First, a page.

Yet, rather than undertake the painful internal process of returning the Republican Party to its traditions of racial tolerance, the GOP appears to have opted for a strategy that would "double-down" on its rural white "base" by over-weighting those votes and undervaluing the votes of minorities and city-dwellers.
While this scheme is playing out in several GOP-controlled states, the movement is advancing fastest in Richmond, a city proud of its boulevard of giant statues honoring Confederate "heroes." Inside the Virginia Statehouse, a large statue of Gen. Robert E. Lee stands in the center of the old House of Representatives as if he has just arrived to give instructions to the chamber.
But this Republican assault on "one person, one vote" is not about the past but the present and the future. The real-life effect of Virginia's new "Three-Fifths (or less)" clause is demonstrated by the fact that if the proposed system were in effect last November, Obama would have won the state but received only four of the state's 13 electoral votes.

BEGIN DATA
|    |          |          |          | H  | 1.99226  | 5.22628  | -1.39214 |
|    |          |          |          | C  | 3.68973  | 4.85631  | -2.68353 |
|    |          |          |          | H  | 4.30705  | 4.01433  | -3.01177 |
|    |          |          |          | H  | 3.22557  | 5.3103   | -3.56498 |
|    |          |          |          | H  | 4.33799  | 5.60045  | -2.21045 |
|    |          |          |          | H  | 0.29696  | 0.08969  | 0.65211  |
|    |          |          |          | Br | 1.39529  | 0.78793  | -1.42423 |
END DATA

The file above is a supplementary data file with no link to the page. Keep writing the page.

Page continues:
State Sen. Donald A. McEachin, a Democrat, denounced the Republican bill as "absolutely a partisan bill aimed at defying the will of the voters, giving Republican presidential candidates most of Virginia's electoral votes, regardless of who carries the state."
Across the country, Republican politicians also have been trying to suppress the minority vote through voter ID laws that tend to disenfranchise urban dwellers and the poor and by reducing voting times with the result of creating long lines at city precincts and forcing many voters to stand in lines for hours.
The bitter irony of today's Republican Party leading the fight to devalue the concept of equal citizenship was that the original Republican Party led the fight to grant full citizenship to African-Americans in the 1860s. The GOP, however, has since evolved via Nixon's Southern Strategy into a national political organization determined to minimize, if not neutralize, the influence of blacks and other minorities.